Why You Need to Break Your Event Assumptions.
As a professional speaker, I have the opportunity to attend a lot of events and conferences. While they all differ in scale, audience, locations, and cultures, they almost all share certain elements.
For example, the flow is the same at most events. Attendees arrive at a certain hour, register at the welcome desk, get a name badge, and get a coffee before gathering in a large room for the keynote presentation. That’s usually followed by some extra plenary presentations or workshop sessions, then lunch, and then more workshops in the afternoon. At the end of the day, attendees gather again for the closing keynote. The organizer expresses some words of thanks and invites everybody to have a drink and network.
There’s nothing wrong with this flow, but there may be other ways to organize the event that could have a huge impact on the attendee experience. What would happen if you broke the assumption on how the flow is supposed to happen?
What other assumptions do we hold about our events? One way to find out what things we accept as true or necessary—but that may not be either—is to look at what events have in common. It’s likely that 90 percent start and end at the same time and feature keynote speakers, for example.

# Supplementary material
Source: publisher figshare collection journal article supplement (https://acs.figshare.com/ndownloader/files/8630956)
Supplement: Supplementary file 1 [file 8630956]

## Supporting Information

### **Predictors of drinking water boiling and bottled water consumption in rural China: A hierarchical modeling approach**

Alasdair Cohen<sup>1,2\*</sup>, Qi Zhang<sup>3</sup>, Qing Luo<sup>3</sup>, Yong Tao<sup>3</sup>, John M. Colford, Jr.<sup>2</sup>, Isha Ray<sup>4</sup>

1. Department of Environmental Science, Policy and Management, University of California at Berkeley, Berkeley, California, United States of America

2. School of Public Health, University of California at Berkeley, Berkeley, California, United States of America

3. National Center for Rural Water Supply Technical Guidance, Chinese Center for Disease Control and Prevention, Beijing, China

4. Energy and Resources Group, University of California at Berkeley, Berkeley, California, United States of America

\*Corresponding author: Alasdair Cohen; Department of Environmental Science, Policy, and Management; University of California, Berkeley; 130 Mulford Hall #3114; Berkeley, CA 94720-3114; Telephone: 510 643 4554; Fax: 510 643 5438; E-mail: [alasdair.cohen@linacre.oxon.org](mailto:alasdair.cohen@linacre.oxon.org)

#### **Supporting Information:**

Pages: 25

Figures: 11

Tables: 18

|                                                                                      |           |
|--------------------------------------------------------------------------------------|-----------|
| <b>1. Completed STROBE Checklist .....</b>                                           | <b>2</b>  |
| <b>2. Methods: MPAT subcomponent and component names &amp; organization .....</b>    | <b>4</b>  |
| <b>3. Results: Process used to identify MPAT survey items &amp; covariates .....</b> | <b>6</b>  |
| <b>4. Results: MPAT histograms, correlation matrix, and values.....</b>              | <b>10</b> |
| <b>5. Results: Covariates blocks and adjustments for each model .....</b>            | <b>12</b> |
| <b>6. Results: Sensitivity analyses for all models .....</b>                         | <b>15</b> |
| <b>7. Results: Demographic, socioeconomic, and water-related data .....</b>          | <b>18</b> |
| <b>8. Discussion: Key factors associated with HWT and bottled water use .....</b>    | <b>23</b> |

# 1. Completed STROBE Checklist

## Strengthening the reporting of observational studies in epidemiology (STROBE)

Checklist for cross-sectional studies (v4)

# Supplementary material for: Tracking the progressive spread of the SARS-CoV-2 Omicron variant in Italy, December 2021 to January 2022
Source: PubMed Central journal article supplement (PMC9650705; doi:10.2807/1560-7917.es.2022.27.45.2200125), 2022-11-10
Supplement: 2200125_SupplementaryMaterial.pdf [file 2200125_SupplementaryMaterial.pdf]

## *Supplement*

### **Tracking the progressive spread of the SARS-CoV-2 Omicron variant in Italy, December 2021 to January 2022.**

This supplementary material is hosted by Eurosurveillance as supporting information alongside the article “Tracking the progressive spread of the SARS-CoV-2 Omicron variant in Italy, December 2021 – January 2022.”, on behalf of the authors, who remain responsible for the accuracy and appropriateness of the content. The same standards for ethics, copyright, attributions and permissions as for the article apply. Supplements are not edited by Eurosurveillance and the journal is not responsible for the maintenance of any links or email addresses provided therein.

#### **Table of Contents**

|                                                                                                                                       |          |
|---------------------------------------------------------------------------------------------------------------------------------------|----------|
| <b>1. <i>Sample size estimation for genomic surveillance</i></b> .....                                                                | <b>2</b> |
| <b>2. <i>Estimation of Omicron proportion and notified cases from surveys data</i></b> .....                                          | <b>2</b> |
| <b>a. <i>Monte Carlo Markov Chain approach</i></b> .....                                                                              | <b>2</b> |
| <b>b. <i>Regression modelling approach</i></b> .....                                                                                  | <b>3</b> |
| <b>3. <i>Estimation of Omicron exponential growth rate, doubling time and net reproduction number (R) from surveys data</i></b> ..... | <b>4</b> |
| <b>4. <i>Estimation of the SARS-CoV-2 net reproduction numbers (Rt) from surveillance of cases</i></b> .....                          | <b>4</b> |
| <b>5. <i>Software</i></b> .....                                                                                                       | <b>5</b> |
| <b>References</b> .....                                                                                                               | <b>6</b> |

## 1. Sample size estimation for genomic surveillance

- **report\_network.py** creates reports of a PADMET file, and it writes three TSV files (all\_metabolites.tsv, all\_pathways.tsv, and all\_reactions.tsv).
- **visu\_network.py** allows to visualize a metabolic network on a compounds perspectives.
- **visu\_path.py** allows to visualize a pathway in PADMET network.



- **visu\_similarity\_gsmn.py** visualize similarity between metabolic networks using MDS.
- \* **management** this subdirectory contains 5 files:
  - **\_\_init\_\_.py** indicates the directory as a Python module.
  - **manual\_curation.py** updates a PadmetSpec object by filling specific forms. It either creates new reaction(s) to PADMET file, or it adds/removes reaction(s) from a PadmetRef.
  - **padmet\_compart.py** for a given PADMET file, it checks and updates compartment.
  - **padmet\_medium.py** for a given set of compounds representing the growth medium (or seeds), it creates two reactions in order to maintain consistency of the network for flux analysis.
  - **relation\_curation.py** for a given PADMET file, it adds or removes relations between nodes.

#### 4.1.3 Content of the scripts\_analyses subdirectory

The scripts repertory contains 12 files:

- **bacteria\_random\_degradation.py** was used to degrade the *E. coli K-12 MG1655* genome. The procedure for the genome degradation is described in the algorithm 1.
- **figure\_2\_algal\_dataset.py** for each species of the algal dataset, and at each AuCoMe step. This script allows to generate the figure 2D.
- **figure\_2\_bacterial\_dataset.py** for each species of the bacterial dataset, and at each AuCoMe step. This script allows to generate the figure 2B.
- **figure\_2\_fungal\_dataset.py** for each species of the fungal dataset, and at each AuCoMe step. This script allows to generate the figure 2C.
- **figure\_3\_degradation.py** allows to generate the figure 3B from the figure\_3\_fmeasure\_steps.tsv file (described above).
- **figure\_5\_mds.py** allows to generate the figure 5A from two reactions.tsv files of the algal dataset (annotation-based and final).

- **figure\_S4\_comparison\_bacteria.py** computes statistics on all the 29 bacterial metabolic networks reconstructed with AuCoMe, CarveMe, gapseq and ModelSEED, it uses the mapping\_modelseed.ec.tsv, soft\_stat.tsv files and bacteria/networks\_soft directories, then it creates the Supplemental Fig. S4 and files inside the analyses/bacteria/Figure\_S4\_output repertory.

Then see if you can find an event that did that element differently. I have found 21 common event assumptions, and some ways to break them. Here are a few examples:
• One stage, one speaker
At most meetings, you have one main speaker on the stage that everyone in the room listens to. But imagine having many speakers presenting from different points in that big ballroom, and audience members can choose which story they listen to by switching channels via their wireless headphones.
This exists! I had the opportunity recently to be one of four speakers taking part in one of these “silent conferences.” While it was a great experience, it also was very hard for the speakers because we had to compete for attendees’ attention. And it was hard for the participants because they had to divide their attention. But after the first round, it got easier for both sides.